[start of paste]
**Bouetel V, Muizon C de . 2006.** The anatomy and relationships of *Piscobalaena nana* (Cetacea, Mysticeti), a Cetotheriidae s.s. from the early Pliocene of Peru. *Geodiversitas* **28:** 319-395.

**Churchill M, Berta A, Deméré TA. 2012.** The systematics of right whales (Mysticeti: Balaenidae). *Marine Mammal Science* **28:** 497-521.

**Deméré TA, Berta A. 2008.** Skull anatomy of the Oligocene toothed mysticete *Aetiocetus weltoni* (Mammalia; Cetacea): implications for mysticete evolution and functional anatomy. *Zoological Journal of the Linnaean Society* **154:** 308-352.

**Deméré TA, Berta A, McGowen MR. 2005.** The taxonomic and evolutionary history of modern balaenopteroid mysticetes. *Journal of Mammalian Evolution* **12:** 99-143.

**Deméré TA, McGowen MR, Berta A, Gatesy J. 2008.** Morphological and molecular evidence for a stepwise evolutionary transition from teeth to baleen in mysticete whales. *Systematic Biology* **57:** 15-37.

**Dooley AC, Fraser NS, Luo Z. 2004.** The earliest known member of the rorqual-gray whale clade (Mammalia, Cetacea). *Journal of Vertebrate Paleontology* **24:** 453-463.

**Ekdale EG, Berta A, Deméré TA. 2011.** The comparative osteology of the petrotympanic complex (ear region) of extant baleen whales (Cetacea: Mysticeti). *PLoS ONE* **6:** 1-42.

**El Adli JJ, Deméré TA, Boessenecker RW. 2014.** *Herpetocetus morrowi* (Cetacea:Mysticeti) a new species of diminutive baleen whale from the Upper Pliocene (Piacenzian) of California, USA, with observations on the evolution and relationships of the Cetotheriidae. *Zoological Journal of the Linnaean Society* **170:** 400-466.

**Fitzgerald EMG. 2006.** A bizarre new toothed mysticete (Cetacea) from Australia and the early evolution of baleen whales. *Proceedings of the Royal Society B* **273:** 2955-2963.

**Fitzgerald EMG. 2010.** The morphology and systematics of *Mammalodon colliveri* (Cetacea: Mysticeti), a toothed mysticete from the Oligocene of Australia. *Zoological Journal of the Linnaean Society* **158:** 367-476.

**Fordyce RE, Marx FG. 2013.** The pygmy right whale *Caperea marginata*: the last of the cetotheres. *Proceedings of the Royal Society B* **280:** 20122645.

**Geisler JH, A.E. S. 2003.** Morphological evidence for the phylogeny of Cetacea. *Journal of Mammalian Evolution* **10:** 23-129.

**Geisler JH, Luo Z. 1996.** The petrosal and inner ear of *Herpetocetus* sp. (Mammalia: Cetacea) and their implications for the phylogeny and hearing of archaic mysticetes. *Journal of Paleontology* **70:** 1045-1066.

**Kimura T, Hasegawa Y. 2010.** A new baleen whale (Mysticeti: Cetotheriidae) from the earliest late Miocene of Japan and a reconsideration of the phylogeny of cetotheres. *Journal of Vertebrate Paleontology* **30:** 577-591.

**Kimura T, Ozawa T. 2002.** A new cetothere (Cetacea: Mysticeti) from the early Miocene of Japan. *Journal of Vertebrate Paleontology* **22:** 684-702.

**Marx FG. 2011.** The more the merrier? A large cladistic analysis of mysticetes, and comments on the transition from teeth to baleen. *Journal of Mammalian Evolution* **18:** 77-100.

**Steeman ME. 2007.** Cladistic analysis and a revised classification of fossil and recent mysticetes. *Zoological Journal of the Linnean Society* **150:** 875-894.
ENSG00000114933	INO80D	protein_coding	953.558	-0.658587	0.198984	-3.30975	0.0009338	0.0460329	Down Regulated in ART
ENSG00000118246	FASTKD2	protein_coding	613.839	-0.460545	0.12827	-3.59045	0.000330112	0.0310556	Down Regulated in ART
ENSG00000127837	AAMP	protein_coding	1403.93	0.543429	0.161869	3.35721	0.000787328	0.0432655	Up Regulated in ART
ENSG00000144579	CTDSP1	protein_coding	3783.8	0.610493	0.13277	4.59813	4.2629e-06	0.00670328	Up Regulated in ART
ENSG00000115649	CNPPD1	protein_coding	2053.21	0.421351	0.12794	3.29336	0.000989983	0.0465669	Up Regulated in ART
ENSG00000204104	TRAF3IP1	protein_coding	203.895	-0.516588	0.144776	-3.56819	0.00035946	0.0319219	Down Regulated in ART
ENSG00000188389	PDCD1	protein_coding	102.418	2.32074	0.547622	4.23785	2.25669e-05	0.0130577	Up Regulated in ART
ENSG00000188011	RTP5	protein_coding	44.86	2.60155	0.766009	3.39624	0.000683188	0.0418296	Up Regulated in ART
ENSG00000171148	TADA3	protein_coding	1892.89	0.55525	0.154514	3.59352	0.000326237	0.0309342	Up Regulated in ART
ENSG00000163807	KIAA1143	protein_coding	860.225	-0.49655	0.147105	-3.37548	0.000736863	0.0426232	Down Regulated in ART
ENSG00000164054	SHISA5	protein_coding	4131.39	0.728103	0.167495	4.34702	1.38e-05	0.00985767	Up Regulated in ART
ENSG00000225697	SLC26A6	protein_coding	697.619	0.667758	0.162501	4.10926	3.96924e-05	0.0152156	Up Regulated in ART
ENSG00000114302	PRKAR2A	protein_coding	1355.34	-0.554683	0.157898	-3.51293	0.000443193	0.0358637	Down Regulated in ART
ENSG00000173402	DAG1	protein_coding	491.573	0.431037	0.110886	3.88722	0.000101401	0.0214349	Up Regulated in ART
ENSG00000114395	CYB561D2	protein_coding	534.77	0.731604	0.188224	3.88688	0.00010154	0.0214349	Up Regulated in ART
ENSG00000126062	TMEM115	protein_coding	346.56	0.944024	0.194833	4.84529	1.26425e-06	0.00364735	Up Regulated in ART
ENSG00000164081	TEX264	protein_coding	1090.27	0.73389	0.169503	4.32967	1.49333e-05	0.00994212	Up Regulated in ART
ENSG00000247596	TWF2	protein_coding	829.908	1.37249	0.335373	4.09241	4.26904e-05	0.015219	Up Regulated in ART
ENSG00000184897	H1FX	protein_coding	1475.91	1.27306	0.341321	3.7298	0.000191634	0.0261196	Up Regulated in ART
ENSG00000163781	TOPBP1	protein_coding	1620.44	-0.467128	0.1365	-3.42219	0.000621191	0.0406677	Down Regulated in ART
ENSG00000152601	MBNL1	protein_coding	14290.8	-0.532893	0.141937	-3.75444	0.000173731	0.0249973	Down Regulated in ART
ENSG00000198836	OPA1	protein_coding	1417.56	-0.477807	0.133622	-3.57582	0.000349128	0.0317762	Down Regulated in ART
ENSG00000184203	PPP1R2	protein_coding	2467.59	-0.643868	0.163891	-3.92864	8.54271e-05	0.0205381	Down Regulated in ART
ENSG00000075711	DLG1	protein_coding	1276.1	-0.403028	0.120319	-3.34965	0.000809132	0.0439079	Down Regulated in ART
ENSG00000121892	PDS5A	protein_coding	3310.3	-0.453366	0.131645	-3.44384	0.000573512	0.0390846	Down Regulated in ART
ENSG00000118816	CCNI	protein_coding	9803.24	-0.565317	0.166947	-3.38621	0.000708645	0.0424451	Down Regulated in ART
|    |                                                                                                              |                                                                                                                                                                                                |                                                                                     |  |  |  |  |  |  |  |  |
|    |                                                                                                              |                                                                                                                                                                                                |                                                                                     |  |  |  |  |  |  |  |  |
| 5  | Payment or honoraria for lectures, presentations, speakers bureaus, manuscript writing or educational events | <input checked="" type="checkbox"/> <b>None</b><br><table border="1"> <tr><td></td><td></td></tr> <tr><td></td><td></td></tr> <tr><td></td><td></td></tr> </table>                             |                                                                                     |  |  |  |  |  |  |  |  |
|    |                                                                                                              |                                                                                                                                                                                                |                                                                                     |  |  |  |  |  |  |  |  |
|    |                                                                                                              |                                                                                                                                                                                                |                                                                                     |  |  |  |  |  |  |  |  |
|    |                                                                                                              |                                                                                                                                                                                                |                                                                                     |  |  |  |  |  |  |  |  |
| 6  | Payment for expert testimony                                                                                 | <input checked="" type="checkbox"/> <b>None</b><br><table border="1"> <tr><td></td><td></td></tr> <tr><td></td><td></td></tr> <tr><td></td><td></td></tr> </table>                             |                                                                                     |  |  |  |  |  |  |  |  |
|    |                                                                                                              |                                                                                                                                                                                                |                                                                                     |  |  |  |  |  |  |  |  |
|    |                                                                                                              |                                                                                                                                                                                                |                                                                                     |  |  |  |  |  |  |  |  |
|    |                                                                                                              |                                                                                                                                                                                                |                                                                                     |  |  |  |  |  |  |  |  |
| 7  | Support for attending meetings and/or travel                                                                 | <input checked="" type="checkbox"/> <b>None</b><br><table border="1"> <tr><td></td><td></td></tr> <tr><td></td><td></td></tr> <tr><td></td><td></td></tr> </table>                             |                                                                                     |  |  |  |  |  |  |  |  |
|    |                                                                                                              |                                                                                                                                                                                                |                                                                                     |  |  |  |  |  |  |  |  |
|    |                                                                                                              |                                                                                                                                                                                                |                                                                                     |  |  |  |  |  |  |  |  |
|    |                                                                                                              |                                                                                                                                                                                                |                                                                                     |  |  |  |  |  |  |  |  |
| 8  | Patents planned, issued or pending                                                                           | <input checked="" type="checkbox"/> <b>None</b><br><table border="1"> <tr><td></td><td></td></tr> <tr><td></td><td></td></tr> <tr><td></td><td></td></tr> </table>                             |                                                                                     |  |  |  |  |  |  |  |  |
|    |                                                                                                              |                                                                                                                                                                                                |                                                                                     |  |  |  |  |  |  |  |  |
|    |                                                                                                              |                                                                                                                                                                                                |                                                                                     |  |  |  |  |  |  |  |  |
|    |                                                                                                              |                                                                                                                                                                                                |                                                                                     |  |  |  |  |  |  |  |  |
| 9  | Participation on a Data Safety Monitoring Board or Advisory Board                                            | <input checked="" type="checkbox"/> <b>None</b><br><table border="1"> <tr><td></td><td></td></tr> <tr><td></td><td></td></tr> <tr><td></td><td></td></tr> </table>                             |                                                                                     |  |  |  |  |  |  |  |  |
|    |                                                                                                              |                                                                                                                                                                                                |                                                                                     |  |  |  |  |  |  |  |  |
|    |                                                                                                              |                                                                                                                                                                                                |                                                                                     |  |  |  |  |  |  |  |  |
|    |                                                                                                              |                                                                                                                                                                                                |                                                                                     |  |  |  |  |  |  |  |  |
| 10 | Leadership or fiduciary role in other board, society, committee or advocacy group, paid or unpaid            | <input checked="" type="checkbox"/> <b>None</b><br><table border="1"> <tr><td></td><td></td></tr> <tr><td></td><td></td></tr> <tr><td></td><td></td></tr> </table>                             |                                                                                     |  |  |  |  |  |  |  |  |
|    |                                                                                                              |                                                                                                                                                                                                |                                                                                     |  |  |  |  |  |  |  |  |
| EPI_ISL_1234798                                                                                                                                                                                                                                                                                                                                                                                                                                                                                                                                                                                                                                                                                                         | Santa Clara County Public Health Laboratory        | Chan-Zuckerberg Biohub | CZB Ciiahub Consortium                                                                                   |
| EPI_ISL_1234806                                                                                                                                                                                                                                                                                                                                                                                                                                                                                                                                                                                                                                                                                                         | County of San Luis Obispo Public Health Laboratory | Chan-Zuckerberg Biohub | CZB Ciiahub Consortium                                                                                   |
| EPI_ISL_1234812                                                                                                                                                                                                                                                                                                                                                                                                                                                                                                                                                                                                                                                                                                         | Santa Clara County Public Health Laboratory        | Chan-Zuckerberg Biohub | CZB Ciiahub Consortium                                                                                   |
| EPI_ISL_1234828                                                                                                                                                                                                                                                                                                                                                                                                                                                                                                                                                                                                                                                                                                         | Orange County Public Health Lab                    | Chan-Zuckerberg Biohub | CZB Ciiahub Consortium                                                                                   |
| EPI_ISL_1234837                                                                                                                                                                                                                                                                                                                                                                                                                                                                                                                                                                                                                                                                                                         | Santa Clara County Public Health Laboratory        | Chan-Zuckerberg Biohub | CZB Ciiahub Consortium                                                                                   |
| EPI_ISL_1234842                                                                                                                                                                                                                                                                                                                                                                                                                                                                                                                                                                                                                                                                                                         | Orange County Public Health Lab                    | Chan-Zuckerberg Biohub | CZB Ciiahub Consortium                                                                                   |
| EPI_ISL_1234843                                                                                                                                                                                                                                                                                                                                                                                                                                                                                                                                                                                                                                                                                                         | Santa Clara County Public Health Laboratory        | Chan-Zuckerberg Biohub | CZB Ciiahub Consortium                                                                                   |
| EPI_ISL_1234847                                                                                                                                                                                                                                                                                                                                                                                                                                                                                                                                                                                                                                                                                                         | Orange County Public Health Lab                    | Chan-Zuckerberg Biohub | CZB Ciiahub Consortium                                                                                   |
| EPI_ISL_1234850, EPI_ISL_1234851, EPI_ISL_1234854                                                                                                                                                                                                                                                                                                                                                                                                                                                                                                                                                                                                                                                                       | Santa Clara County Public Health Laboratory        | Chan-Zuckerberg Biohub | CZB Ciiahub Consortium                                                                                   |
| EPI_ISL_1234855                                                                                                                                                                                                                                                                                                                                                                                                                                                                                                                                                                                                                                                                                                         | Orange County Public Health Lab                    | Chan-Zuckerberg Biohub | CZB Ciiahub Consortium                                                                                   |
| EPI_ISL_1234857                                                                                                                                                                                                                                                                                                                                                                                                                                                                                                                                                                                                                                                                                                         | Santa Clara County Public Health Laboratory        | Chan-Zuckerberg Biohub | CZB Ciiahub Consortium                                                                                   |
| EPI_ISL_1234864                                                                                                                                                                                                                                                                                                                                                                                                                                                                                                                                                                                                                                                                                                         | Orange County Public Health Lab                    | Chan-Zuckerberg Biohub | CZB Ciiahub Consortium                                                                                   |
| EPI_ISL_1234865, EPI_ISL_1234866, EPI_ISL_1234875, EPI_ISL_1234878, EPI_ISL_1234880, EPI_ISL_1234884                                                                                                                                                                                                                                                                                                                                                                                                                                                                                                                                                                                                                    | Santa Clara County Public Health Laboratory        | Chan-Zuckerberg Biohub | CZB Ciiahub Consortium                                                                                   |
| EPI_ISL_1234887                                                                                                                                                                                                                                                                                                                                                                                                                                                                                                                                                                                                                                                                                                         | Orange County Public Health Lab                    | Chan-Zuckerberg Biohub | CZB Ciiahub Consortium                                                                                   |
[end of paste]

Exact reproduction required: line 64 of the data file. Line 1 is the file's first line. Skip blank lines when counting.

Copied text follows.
|    |                                                                                                              |                                                                                                                                                                                                |                                                                                     |  |  |  |  |  |  |  |  |